Interdisciplinary Projects

GBatNet IBRC 2022 Workshop Panorama

About this work

As the global network of bat networks, our goal for this meeting is to advance GBatNet’s scientific agenda in service of our vision of sustainable bat diversity in a changing world. To this end, we implemented a series of online sessions collectively called the Big Bat Brainstorm. During those online sessions we emphasized integrative research responsive to two questions: 1) why are there so many bat species? and 2) how are we going to save them? We explicitly focused on projects that could not be conducted by a single lab or discipline; e.g., none of the potential projects are at a scope equivalent to one student’s dissertation. We then conducted a How-Now-Wow prioritization exercise to identify a set of projects to be implemented with all deliberate speed.

Below, there are brief explanations for each of the projects. The linked sign-up sheet is a single form where you can sign up for multiple projects all at once. The three types of roles that you may sign up for are:

  • Leader: You are interested in leading the project. Please sign up to be leader of only one working group. There will be at least two leads for each project.
  • Collaborator: You are interested in participating as a regular contributing member to the project.
  • Consultant: You have relevant expertise or information and may be asked for input, but you do not have enough time to participate in the regular activities for the project.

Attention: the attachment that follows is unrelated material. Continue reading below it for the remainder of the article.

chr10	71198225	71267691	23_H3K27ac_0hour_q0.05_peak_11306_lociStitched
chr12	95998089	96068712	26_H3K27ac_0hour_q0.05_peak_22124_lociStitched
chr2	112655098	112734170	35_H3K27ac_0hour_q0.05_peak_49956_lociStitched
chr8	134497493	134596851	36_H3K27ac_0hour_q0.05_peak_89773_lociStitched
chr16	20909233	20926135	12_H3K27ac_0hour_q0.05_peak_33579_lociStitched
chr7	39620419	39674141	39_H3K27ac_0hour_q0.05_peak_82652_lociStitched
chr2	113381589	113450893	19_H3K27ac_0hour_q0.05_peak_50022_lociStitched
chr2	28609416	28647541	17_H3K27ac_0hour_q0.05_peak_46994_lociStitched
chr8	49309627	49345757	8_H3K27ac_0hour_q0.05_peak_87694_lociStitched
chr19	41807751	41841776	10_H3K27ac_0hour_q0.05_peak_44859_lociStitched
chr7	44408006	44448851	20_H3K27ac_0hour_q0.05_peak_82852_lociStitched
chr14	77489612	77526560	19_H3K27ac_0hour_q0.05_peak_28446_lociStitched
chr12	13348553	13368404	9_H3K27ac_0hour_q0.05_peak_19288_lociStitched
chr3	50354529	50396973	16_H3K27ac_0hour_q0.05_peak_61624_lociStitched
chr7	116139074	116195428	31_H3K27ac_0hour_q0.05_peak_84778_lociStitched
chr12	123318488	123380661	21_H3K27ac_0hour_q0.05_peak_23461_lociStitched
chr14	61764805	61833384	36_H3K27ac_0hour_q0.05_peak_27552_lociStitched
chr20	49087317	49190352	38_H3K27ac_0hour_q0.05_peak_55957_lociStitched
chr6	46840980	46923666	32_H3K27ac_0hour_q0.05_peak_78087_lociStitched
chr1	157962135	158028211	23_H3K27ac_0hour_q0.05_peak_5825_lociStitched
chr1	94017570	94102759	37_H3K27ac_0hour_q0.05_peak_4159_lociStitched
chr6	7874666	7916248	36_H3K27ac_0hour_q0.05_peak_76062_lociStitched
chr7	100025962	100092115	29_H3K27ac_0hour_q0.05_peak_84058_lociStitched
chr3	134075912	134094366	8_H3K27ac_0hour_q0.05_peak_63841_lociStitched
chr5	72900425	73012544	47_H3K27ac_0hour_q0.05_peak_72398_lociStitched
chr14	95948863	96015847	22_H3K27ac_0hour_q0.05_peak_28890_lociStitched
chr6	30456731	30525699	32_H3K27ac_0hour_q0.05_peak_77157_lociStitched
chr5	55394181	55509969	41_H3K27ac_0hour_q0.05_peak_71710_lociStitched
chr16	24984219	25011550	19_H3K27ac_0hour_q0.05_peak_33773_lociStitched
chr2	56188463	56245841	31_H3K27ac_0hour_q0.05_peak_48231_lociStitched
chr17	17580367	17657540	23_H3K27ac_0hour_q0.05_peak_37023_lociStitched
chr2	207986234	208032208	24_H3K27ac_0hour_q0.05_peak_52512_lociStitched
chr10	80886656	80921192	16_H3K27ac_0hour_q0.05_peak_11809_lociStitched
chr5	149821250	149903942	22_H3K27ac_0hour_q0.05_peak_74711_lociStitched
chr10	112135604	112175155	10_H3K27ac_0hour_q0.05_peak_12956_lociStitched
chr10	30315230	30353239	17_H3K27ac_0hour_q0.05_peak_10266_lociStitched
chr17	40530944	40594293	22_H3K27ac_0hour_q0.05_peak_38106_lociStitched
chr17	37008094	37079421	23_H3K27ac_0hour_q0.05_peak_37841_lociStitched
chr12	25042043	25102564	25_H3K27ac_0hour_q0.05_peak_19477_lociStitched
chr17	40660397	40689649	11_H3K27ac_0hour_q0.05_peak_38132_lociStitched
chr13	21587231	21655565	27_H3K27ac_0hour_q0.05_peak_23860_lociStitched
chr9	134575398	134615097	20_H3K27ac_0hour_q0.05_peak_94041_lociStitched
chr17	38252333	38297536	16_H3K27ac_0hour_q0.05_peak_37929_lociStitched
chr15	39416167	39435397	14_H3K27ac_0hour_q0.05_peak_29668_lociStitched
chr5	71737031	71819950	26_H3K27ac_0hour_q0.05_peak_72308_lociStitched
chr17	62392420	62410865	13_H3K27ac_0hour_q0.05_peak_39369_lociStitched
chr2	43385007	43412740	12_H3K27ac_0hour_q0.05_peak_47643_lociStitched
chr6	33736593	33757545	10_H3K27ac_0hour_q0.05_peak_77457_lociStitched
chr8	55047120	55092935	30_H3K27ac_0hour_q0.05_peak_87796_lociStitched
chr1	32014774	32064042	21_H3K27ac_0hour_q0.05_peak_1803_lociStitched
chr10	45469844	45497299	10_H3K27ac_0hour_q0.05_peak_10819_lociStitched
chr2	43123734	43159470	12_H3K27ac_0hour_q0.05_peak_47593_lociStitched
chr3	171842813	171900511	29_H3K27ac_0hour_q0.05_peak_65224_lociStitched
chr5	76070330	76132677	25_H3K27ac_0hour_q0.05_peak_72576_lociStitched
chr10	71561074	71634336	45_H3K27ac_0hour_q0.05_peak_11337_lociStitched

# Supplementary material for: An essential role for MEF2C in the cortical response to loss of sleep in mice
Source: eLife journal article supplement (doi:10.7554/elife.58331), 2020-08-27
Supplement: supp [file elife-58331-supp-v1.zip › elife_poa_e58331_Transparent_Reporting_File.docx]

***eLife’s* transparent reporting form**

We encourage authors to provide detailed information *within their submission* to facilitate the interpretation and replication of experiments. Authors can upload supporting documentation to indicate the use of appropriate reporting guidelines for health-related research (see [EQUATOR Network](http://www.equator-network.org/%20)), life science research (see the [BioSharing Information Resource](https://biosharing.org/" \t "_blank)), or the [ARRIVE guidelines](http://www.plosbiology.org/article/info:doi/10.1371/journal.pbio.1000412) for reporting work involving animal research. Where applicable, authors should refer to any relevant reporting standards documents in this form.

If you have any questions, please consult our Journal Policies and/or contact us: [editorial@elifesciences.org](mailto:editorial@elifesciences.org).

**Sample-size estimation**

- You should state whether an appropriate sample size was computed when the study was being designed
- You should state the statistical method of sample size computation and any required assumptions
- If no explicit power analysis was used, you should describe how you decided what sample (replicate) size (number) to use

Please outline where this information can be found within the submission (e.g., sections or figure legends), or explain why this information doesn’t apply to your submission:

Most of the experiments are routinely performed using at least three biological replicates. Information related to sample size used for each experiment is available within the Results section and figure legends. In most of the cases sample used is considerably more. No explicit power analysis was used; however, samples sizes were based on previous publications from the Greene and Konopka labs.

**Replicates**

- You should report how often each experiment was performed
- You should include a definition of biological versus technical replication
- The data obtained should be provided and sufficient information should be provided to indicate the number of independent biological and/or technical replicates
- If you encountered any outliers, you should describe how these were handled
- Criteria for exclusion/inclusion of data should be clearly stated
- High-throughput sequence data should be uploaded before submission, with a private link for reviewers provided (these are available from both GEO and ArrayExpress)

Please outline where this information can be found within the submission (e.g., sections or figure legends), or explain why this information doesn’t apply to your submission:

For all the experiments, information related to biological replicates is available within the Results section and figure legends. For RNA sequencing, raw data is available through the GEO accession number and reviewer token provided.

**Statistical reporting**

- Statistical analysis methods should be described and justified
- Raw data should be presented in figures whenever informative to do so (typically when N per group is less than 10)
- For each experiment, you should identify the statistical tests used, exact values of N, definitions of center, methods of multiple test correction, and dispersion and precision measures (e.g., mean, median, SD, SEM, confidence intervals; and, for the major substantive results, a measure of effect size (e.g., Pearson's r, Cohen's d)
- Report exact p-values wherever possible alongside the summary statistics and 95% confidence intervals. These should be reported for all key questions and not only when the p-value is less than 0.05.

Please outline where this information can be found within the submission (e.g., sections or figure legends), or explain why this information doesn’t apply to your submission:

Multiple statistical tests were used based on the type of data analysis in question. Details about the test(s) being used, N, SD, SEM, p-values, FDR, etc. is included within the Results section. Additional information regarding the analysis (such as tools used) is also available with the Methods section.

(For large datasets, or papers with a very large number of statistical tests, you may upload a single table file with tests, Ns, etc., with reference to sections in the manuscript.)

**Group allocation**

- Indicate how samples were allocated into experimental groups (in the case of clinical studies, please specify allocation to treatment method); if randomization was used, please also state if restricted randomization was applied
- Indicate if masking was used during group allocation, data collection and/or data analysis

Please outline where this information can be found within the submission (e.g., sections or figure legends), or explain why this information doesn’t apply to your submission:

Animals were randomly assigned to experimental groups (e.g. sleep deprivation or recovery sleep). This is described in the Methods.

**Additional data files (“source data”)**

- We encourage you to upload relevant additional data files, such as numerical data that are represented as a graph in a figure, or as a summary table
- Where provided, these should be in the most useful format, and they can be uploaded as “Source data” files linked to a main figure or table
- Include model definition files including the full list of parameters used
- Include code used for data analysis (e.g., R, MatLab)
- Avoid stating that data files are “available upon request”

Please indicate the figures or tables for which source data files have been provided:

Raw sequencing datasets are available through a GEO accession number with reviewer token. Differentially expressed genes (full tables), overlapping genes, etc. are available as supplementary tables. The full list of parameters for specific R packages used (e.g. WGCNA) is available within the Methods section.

Project List

Big Bat Database

  1. Description:
    Bring together existing databases for traits (morphology, functional traits, life history traits, acoustics, behavior, genomics, habitat requirements, parasites, pathogens, population sizes, etc.) into one large global database that can underpin many different projects and use this database to answer questions about drivers of diversification, extinction, conservation, disease dynamics, evolution of traits, etc.
  2. Goals:
    • To set number of traits populated across many species.
    • To gather as much data ad possible, identify the gap and develop guidelines for data collection.
    • To have fully documented data in some structure in a central database.

Integrations: Would draw on people and data from all GBatNetworks and inform all research fields/projects. Various portions of this database will be necessary for most other GBatNet projects.